Paeonia steveniana, Steven's Peony if one must put a common name to it, as open as it will get. A cloudy day today, so the colour is intensified; it is never that intense of a yellow here.

And here it is behind a crowd of Paeonia mascula and some Paeonia caucasica (a subsp of mascula and pretty much identical to my eye.

A few more buds of steveniana, behind a few plants of another mascula close relative, Paeonia kesrouanensis. (More information about this plant, or any other, by looking up earlier posts in the index.)

And unexpectedly, a plant of the Golden Peony, Paeonia mlokosewitschii, a couple of days earlier than expected. And filling the yard with it's fragrance at an intensity I've never noticed before.

Good news for customers, there are about 15 potted plants from seed of this species in bud (will probably open sometime in the next week)-- not all will be yellow-flowered which is why I have to see the flowers before I can sell the plants- at least one looks like it will be magenta (mascula cross), and some may be apricot or very pale yellow, almost white. Can;t wait to see it (but have to!!)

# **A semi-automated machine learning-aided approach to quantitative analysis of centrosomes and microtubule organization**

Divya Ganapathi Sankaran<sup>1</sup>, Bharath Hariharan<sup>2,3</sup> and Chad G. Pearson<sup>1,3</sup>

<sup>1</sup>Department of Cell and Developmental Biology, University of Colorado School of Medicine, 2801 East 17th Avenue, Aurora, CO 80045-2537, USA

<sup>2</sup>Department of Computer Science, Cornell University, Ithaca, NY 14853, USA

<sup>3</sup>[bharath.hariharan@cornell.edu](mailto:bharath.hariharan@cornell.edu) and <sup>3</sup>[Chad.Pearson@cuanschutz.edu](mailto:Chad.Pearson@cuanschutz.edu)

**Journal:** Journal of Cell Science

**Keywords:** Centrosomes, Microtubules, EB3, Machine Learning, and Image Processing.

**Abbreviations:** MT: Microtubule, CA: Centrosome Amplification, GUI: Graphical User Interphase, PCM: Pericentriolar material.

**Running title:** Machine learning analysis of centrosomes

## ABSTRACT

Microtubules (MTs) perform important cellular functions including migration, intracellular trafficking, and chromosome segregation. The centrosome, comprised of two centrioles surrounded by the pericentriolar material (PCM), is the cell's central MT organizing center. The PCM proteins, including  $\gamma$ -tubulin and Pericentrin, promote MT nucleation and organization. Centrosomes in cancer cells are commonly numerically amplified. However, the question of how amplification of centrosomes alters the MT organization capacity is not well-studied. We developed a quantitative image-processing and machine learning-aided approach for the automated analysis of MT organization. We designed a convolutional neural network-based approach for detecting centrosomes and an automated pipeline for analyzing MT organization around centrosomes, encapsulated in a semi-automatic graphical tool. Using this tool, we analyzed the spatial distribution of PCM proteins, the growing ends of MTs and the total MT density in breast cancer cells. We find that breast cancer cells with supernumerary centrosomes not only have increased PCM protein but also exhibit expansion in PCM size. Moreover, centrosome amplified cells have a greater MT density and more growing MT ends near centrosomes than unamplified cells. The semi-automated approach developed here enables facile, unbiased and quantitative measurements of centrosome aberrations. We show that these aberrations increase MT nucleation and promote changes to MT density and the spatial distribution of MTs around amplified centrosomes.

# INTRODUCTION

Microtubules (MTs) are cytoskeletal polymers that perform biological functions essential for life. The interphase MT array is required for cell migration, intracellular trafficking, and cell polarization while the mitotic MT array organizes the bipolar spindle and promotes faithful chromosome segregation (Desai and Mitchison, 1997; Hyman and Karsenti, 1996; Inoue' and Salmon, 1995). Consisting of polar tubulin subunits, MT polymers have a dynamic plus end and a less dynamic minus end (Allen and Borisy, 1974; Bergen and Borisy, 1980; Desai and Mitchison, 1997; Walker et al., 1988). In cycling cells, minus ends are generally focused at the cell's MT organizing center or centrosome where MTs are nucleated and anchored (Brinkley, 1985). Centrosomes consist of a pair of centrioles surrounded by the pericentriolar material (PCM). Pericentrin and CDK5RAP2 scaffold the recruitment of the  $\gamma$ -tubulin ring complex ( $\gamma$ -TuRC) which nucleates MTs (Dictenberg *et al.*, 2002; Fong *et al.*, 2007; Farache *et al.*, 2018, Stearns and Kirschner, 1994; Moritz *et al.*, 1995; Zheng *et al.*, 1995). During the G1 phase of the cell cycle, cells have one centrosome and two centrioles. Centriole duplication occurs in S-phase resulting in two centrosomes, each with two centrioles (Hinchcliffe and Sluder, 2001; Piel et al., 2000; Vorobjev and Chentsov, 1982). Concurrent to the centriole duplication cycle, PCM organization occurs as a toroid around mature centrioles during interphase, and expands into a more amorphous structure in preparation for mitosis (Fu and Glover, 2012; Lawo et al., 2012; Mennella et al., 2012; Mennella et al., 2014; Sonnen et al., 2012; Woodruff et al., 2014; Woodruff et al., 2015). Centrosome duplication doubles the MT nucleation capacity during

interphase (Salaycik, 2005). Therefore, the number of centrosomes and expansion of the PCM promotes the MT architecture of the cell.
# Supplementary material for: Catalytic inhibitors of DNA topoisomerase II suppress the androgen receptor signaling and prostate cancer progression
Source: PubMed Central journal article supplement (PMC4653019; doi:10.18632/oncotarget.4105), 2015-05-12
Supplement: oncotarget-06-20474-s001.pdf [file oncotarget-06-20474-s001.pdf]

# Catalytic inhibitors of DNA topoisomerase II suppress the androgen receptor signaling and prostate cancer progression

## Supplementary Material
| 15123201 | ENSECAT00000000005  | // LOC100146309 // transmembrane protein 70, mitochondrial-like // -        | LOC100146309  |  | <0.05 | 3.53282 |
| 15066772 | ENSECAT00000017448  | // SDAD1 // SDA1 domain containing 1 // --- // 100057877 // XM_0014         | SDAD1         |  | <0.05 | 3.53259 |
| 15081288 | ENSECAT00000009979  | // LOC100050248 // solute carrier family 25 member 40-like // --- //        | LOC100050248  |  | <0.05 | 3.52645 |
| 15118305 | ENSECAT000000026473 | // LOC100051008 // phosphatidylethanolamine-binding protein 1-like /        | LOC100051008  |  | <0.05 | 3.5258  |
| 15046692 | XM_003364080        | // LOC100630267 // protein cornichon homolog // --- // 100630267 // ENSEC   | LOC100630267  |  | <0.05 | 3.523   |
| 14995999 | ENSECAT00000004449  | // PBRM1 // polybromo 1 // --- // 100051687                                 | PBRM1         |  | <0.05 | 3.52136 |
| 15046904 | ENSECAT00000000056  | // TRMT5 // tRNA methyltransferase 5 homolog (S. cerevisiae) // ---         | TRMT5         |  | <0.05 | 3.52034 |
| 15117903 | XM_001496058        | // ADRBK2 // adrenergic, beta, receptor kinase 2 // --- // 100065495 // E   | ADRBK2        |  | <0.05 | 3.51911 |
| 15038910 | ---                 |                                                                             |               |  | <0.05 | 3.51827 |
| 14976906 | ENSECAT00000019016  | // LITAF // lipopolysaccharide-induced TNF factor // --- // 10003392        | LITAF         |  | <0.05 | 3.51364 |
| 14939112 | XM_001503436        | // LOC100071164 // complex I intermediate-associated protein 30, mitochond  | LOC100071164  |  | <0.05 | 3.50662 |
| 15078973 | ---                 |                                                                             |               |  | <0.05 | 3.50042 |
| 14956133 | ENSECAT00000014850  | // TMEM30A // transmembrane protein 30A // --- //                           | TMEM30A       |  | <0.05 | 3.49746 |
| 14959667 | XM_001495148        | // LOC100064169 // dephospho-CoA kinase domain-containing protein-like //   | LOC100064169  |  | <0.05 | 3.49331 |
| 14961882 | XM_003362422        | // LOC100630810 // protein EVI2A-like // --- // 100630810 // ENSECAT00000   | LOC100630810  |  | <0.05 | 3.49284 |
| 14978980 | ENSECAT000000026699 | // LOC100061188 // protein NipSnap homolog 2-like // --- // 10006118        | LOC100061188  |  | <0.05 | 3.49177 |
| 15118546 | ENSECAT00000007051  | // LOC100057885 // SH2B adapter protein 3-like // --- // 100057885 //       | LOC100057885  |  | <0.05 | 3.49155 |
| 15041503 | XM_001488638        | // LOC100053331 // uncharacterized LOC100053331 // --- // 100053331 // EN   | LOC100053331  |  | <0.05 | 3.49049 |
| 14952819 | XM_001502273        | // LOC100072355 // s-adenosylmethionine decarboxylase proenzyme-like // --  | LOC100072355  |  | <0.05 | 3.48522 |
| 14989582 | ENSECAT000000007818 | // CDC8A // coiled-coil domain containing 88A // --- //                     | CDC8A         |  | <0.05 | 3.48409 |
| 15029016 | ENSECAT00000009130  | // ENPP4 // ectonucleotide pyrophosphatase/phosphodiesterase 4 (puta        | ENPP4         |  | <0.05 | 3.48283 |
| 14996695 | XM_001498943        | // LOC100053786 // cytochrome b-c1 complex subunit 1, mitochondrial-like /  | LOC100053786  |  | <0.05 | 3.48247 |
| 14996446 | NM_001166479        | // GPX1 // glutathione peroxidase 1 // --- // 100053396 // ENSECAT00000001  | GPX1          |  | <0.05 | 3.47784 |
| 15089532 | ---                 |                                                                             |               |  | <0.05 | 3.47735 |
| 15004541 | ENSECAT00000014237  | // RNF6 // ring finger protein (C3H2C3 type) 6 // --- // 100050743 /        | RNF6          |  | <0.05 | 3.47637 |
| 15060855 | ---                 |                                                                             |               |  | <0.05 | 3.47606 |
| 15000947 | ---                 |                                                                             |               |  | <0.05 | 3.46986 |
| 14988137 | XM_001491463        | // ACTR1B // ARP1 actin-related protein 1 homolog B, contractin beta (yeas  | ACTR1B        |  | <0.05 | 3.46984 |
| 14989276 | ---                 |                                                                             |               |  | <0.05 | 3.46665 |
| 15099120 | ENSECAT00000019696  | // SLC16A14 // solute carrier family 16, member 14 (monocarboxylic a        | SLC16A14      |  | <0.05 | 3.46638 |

Saturday, May 15, 2010

Return of the Natives

It doesn't take long for the pollinated flowers of Red Maple to start showing the little winged fruits. The stems elongate significantly and contribute a lot of colour by staying red for some time while the wings green up a bit earlier. Incidently, the tree whose flowering I photographed earlier has no seed set at all; it was the first nearby red maple tree in flower (maybe because of proximity to the house?) and the flowers were open when we had our last (hopefully) snowfall of the spring, accompanied by over 45 hours of very cold temperatures. I have to guess that killed the open flowers although I couldn't tell at the time, while the ones still in bud survived to open later and produce seed.

Red elderberry, flowers and leaves pretty much fully deployed. A very open shrub, even in full sun which this one isn't. Showy enough, and easy care since I don't even have to plant it.